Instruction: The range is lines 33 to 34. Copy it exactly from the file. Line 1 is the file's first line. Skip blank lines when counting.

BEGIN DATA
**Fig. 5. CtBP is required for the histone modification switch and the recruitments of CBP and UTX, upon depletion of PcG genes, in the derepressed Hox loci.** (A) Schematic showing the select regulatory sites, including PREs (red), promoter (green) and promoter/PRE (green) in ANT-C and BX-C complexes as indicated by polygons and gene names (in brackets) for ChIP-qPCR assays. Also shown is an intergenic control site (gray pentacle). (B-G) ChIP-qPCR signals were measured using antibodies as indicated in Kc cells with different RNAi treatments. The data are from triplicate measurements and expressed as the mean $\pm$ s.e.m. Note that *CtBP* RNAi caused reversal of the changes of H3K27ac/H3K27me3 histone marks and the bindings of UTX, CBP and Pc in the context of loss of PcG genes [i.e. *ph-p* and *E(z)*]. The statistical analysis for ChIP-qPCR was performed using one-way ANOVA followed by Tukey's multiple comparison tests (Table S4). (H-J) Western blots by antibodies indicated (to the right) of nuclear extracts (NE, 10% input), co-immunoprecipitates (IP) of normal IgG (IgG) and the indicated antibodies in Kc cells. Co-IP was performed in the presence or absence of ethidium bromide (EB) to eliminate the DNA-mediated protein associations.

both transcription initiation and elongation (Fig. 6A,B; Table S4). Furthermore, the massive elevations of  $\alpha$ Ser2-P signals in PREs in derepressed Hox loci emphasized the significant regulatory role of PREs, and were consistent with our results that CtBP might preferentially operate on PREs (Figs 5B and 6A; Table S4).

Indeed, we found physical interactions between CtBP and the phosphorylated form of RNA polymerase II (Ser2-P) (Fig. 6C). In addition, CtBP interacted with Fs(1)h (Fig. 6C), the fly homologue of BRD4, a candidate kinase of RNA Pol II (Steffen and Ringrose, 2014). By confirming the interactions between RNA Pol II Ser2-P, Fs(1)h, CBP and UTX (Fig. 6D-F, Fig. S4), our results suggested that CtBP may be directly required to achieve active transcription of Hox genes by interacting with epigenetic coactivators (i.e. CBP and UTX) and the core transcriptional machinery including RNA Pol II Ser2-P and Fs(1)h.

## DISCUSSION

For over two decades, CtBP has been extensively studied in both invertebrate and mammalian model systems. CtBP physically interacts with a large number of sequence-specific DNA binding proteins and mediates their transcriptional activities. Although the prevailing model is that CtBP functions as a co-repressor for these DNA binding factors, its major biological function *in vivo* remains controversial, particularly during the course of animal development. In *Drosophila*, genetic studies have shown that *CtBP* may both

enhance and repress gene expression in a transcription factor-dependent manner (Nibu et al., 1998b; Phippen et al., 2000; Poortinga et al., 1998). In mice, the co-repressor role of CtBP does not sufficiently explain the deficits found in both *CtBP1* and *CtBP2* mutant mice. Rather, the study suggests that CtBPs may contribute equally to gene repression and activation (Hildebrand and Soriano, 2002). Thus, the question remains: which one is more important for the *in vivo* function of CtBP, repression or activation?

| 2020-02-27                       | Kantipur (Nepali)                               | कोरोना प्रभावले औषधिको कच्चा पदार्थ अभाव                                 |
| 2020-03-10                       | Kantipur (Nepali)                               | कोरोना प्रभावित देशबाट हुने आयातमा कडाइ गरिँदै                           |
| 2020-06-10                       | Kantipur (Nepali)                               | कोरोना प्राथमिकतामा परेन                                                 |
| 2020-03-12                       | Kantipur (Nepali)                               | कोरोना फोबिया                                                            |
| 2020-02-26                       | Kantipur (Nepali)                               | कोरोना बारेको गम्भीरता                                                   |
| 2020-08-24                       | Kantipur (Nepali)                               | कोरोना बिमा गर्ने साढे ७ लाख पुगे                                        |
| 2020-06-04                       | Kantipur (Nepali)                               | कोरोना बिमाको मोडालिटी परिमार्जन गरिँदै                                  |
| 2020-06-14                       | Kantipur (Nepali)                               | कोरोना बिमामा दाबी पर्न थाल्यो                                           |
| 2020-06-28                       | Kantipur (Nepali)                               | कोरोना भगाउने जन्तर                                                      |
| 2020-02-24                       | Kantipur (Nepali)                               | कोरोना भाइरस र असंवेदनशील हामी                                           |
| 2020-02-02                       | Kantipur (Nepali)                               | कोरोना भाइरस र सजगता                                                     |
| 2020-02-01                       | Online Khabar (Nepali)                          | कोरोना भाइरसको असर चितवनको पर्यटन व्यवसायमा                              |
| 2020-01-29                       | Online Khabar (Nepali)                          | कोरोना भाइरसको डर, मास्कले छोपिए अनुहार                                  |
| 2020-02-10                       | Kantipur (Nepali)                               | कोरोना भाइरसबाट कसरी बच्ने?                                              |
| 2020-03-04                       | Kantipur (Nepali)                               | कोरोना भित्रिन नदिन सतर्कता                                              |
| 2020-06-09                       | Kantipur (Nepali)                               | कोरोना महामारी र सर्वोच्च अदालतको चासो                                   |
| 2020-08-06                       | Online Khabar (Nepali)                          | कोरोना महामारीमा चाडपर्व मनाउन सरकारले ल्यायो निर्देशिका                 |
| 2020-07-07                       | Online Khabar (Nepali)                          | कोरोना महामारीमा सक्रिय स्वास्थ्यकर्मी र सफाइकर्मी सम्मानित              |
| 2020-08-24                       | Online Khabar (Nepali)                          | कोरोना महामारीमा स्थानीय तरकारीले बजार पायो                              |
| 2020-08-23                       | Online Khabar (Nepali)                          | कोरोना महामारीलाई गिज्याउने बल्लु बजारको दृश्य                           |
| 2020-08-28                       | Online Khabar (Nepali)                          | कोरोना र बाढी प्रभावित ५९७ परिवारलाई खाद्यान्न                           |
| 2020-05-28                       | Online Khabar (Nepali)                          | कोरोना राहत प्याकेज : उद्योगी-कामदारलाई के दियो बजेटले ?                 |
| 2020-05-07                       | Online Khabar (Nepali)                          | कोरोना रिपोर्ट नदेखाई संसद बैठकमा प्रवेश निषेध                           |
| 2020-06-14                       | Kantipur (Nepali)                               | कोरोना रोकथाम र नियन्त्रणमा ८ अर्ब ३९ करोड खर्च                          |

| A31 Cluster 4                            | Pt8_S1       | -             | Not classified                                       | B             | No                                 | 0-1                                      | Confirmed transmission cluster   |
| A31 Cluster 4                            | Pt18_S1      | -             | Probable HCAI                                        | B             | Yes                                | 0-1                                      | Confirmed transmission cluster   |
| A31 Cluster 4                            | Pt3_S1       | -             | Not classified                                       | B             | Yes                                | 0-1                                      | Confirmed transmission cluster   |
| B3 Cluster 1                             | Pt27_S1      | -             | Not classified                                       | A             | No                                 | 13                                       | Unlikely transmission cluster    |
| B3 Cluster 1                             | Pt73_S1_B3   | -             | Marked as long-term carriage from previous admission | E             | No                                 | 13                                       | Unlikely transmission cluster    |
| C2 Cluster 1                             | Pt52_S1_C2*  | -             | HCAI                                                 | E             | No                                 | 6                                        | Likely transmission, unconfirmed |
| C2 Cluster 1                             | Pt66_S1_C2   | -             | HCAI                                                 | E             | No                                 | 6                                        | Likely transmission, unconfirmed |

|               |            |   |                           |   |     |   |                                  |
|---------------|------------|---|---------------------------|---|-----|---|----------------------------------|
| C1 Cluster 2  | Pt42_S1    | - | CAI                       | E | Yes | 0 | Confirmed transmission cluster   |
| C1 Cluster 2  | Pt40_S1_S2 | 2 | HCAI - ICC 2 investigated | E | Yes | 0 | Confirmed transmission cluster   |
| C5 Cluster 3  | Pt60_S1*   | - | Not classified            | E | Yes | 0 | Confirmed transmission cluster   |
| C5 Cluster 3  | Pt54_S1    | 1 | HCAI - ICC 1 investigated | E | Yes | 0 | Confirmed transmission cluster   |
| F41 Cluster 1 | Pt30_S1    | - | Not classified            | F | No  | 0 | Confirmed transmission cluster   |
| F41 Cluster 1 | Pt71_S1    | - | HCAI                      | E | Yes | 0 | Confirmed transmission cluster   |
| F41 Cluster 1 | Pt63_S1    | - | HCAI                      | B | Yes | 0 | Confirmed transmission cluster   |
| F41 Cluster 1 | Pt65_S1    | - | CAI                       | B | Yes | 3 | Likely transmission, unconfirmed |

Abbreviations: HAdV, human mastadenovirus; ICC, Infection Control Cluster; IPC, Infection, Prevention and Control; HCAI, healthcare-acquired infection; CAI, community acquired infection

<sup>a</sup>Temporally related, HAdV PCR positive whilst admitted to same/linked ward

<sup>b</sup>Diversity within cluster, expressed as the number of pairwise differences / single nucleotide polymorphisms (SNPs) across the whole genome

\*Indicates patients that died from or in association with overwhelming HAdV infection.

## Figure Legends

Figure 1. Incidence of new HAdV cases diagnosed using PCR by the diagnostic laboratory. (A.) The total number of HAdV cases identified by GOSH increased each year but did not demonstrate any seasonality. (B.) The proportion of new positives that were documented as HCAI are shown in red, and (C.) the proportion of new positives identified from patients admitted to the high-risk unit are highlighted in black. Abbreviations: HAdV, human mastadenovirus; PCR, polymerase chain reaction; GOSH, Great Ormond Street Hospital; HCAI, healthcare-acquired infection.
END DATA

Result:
| A31 Cluster 4                            | Pt3_S1       | -             | Not classified                                       | B             | Yes                                | 0-1                                      | Confirmed transmission cluster   |
| B3 Cluster 1                             | Pt27_S1      | -             | Not classified                                       | A             | No                                 | 13                                       | Unlikely transmission cluster    |